Several weeks ago, Congress passed a bill that would have prevented the CIA from engaging in torture by applying the Army Field Manual standards of interrogation to all government agencies. A majority of both houses of Congress agreed with 43 retired military leaders that the current situation where the military operates under a clear set of interrogation standards while the CIA operates under a secret set of rules is unwise and impractical. Yesterday, on Meet the Press, General Hayden made it clear that he disagrees. Here are the follow-up questions we wish Tim Russert had asked him
Gen. Hayden argues that the CIA faces different circumstances than the military: ”What’s critical for the Army Field Manual, were it to be applied to CIA, is what’s authorized and limiting the CIA only to what’s authorized. No one claims that that list of authorized techniques in the Army Field Manual exhausts the universe of lawful interrogation techniques that the republic can draw on to defend itself. And so the issue for us is, is, is not torture or licensing torture or licensing waterboarding. And to the best of my ability I’ve made it very clear that we don’t do that. But to limit us to what America’s Army thinks they can train young soldiers to do under minimal supervision against lawful combatants in a transient battlefield situation, when our circumstances are completely different, means we’re undercutting our ability to defend the nation . . . .if you want to limit what CIA does, we’ll live inside whatever box you create. But to simply arbitrarily take a manual created for one population and one purpose and to just drop it on another organization with a different population of interrogators, a different population of detainees in completely different purposes flies in the face of logic.” (Meet the Press, 3/30/08)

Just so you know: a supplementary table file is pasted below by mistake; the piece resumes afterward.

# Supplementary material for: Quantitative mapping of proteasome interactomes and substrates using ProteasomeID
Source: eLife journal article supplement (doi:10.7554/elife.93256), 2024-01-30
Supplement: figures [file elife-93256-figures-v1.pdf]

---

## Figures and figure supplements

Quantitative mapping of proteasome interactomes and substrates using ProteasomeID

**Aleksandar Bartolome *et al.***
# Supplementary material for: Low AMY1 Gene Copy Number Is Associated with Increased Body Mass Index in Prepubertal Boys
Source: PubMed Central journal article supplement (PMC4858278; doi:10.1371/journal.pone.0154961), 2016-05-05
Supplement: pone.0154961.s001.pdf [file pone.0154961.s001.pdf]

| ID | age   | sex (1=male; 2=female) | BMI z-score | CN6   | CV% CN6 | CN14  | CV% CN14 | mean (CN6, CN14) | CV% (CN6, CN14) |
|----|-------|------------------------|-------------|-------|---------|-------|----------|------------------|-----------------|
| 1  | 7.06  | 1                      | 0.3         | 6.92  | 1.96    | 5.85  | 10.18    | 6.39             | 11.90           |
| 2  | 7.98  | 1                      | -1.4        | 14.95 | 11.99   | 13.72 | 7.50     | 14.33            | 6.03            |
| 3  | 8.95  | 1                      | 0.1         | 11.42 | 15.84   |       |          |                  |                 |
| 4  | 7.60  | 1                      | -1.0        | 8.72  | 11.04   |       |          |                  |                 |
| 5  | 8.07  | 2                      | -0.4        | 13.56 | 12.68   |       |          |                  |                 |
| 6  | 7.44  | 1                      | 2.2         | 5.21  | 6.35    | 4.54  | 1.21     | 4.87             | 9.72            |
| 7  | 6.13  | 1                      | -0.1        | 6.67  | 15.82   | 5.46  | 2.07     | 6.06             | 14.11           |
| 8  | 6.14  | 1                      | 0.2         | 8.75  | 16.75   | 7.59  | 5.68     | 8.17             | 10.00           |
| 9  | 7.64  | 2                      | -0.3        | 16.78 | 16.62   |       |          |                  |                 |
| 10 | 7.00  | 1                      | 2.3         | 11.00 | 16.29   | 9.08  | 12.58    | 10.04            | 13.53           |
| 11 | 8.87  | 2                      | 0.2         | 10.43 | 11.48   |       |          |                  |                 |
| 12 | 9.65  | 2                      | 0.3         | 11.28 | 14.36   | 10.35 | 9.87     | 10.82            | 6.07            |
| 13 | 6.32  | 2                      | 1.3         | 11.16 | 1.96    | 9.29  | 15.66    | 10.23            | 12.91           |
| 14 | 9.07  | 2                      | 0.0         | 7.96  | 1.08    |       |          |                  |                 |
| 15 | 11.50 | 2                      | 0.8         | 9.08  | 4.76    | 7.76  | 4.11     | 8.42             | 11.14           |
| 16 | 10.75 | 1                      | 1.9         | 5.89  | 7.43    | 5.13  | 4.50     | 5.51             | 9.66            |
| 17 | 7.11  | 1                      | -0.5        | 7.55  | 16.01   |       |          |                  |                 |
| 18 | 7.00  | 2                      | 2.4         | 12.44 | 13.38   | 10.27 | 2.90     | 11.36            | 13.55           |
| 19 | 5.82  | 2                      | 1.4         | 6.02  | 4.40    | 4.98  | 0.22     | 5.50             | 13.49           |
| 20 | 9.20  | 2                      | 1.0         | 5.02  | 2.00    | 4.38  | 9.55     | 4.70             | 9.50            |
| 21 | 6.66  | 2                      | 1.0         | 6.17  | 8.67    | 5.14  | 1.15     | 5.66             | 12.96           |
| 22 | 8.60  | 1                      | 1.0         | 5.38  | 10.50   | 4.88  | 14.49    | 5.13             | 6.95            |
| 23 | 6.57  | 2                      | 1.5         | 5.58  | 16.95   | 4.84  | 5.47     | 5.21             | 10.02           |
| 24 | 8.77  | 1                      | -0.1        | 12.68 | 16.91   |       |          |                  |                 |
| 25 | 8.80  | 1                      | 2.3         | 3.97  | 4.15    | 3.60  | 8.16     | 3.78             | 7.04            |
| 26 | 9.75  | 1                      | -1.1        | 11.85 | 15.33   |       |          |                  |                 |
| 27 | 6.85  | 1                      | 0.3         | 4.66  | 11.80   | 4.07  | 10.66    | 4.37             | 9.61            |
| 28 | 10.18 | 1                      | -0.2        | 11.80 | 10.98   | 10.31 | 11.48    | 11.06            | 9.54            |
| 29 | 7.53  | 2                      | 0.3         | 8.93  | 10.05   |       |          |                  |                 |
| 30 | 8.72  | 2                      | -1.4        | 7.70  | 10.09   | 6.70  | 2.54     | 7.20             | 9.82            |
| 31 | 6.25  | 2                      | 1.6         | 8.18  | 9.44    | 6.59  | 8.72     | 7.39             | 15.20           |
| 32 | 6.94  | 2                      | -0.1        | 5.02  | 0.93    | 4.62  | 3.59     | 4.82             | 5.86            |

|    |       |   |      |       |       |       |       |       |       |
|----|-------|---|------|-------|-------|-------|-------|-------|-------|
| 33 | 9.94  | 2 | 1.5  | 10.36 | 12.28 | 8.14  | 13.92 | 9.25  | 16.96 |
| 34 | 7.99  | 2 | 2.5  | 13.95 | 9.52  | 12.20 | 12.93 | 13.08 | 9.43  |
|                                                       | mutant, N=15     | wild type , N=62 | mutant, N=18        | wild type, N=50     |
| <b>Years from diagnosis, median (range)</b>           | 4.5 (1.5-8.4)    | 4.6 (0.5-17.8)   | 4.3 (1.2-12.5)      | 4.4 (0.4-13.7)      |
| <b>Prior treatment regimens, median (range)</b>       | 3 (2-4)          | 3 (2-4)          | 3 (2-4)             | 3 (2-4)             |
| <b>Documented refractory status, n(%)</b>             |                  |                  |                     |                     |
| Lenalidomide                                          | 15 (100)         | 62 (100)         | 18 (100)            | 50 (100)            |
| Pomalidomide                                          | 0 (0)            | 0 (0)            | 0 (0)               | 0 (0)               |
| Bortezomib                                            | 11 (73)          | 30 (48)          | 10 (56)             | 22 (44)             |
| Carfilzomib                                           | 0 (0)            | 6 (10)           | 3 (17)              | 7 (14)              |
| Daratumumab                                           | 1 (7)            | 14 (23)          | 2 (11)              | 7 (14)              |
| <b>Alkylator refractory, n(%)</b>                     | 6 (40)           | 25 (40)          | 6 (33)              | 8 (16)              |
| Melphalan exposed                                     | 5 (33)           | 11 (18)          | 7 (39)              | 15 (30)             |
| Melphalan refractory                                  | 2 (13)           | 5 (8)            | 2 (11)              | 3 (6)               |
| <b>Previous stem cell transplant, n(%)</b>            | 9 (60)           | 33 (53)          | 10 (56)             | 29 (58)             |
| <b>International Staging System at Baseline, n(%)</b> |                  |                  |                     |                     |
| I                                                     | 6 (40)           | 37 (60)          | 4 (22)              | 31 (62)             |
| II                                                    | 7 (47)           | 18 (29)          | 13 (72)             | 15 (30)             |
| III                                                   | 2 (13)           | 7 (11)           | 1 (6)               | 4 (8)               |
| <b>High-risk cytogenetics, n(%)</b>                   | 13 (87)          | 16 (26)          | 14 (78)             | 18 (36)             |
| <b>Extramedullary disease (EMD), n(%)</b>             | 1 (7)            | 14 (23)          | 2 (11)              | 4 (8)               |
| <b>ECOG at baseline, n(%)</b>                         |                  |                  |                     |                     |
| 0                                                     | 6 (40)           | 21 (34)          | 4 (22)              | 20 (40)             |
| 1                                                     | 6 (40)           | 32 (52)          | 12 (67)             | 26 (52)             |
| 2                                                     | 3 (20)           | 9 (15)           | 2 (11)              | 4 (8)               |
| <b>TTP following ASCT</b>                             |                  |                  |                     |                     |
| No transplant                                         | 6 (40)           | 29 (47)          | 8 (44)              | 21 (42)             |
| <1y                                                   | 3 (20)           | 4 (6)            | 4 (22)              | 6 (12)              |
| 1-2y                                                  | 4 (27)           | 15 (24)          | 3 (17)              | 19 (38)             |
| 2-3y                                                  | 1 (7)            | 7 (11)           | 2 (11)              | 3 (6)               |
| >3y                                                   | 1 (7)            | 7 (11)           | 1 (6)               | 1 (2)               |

Questions for General Hayden:
- Why should the CIA be guided by “rules” that have in the past clearly allowed it to torture?
- Do you agree with General David Petraeus, who stated in a May 10, 2007 open letter to the troops: “Certainly, extreme physical action can make someone ‘talk;’ however, what the individual says may be of questionable value. In fact, our experience in applying the interrogation standards laid out in the Army Field Manual (2-22.3) on Human Intelligence Collector Operations that was published last year shows that the techniques in the manual work effectively and humanely in eliciting information from detainees”? If not, why not?